A Syrian Mother's Day
by Katy Johnson
Belinda Bauman and Alyce Dailey are leading a team of mothers to honor refugee mothers of Syria. This is the first of a series of blogs presented by members of the team.
Day One in Bekka Valley brings our first visit to an informal refugee camp. When it comes to refugee settlements, the word “informal” carries a clear connotation. These are camps set up outside the purview of the U.N., which means these are camps where safety, clean water, access to food, protection from civil unrest and accountability for landlords are not taken into consideration, let alone guaranteed. These are camps where Syrian refugees in Lebanon find themselves even more vulnerable and exposed.
Today, Mother’s Day, we conduct our first meeting with a young mother. 18, pregnant, wide-eyed yet wise, she embodies the reality of many of the refugees currently residing in Lebanon.
Welcomed as guests into her tent—home to her husband’s extended family—we sip a taste of the land she has fled: Syrian tea served sweet and steaming. Gathered around her, we savor and we listen while our host shares her story of arrival and temporary settlement in Lebanon.
Hers is a story of scattering—family spread desperately thin, like the remnants of oil scraped across an empty bowl of hummus. Sent to Lebanon to marry her fiancé, our host tells us that in the violence she has lost contact with her parents and brothers. Their displacement stretches across both Syria and the Middle East, and we have no sense of how likely it is the family will find one another again. Furthermore, as former residents of the now decimated Homs, they can never return to the home that they knew.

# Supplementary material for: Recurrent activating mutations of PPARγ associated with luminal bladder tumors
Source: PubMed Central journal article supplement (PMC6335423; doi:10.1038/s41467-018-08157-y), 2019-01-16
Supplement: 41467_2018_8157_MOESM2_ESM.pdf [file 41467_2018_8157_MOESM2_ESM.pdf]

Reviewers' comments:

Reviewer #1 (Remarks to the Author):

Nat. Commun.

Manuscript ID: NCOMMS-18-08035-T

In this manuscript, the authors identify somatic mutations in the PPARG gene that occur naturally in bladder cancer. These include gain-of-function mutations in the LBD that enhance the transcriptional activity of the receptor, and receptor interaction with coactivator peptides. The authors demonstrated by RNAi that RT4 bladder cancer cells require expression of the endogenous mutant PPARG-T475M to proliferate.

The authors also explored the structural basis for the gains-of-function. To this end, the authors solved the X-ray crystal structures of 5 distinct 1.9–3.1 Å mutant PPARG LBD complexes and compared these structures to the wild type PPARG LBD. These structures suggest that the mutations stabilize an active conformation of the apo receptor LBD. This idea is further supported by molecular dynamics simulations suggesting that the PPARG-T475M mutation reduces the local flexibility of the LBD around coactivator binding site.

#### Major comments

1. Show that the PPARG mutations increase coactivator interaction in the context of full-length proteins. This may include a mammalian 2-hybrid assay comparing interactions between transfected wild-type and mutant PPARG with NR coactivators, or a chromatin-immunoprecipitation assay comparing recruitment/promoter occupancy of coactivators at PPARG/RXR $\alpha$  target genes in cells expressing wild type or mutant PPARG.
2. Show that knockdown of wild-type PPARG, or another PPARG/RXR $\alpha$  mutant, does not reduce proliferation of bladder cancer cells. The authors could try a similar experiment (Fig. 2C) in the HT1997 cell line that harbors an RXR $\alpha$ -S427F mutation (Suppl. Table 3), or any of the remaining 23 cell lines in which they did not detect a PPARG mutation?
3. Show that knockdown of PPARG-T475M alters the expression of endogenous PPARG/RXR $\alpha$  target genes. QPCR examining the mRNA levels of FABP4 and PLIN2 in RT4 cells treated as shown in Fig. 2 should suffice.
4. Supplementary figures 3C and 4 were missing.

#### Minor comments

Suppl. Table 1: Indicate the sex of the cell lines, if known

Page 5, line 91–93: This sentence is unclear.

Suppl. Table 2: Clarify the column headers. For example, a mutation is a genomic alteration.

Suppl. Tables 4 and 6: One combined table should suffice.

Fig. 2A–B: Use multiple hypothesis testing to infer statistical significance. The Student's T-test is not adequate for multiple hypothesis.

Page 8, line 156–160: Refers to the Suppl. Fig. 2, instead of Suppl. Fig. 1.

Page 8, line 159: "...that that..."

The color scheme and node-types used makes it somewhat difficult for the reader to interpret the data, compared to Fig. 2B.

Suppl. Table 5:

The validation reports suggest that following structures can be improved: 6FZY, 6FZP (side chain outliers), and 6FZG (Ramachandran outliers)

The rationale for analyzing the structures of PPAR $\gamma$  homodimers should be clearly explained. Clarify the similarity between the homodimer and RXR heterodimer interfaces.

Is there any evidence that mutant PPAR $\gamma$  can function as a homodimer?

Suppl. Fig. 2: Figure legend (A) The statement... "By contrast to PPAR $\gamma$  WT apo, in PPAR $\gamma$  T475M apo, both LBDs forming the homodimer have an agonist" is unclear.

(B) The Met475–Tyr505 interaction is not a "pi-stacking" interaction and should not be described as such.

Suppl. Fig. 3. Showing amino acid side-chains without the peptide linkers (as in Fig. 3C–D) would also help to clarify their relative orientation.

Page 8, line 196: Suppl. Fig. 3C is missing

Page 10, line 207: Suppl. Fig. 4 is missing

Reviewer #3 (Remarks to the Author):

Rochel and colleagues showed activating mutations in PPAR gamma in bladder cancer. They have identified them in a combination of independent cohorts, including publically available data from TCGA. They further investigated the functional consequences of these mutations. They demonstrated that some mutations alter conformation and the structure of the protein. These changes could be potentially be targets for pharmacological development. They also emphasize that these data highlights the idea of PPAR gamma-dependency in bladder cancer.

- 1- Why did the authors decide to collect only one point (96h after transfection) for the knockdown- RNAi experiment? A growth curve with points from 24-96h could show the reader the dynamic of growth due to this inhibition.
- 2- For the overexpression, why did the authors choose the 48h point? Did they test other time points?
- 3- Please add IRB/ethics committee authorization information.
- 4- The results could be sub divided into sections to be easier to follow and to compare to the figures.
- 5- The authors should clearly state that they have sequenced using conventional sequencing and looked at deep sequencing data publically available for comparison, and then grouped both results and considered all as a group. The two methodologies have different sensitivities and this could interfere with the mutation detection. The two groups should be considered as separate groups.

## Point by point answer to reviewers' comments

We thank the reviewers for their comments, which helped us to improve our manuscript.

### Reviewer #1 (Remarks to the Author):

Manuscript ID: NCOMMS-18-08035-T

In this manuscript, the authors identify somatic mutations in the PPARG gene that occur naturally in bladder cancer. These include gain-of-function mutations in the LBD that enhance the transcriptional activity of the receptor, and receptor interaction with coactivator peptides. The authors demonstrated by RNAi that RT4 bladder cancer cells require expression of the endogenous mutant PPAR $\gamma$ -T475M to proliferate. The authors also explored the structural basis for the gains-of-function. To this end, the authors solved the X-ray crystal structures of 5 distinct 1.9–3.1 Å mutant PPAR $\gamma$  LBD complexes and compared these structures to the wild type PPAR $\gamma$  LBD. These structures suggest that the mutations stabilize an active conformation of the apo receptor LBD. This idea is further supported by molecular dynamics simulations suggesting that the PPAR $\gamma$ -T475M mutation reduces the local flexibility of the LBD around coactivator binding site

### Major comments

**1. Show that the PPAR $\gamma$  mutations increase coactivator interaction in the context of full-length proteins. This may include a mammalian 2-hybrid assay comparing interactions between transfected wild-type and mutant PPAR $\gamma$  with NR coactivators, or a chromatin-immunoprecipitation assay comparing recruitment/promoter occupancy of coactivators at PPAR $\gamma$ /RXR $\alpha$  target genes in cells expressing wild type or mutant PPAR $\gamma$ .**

Yet our host also wants us to hear that hers is a story of new life—shining forth most clearly in her bright and darling toddler. We all find ourselves taken with the baby girl’s almond shaped eyes and quizzical brows, features she clearly has inherited from her mother.
There’s too much to speak in such a quick gathering, and at moments our host finds herself a bit lost for words. When we say we are here to help, she asks if we are from Canada.
“America,” we reply. My heart quivers as I see her countenance fall. These days, American citizenship in a refugee camp is enough to make my face flush red and my heart feel shame.
We tell her we long to share her story, and we ask her what she needs us to take back to our home. What do people need to know about her life? Our host speaks with clarity and conviction, all her words spoken for the sake of the baby cuddled nearby and the one she still carries within her.
“My daughter looks at the planes overhead and tells my husband, ‘Daddy, we should fly away from here.’” Our host continues by sharing her fear that her daughter will share her own fate and find herself stripped away from her family by war.
Instead, this young mother longs to take her family to a land of greater safety and freedom than her own life has known. She shares that her daughter talks about being a doctor, and that she longs to offer her child that opportunity.
But she cannot do it alone.
Syrian mothers around Lebanon and the world are aching for their children to live out the hope found on the other side of refuge. That story starts as we support work on the ground where the needs are most urgent in Syria and Lebanon through Together, For the Family. To learn more about the projects needing funding, visit One Million Thumbprints.
We left pondering our young mother’s final plea: “If you want to forget everything about this visit, don’t forget my daughter needs a better future. If there is any way you can do this, help. Help.”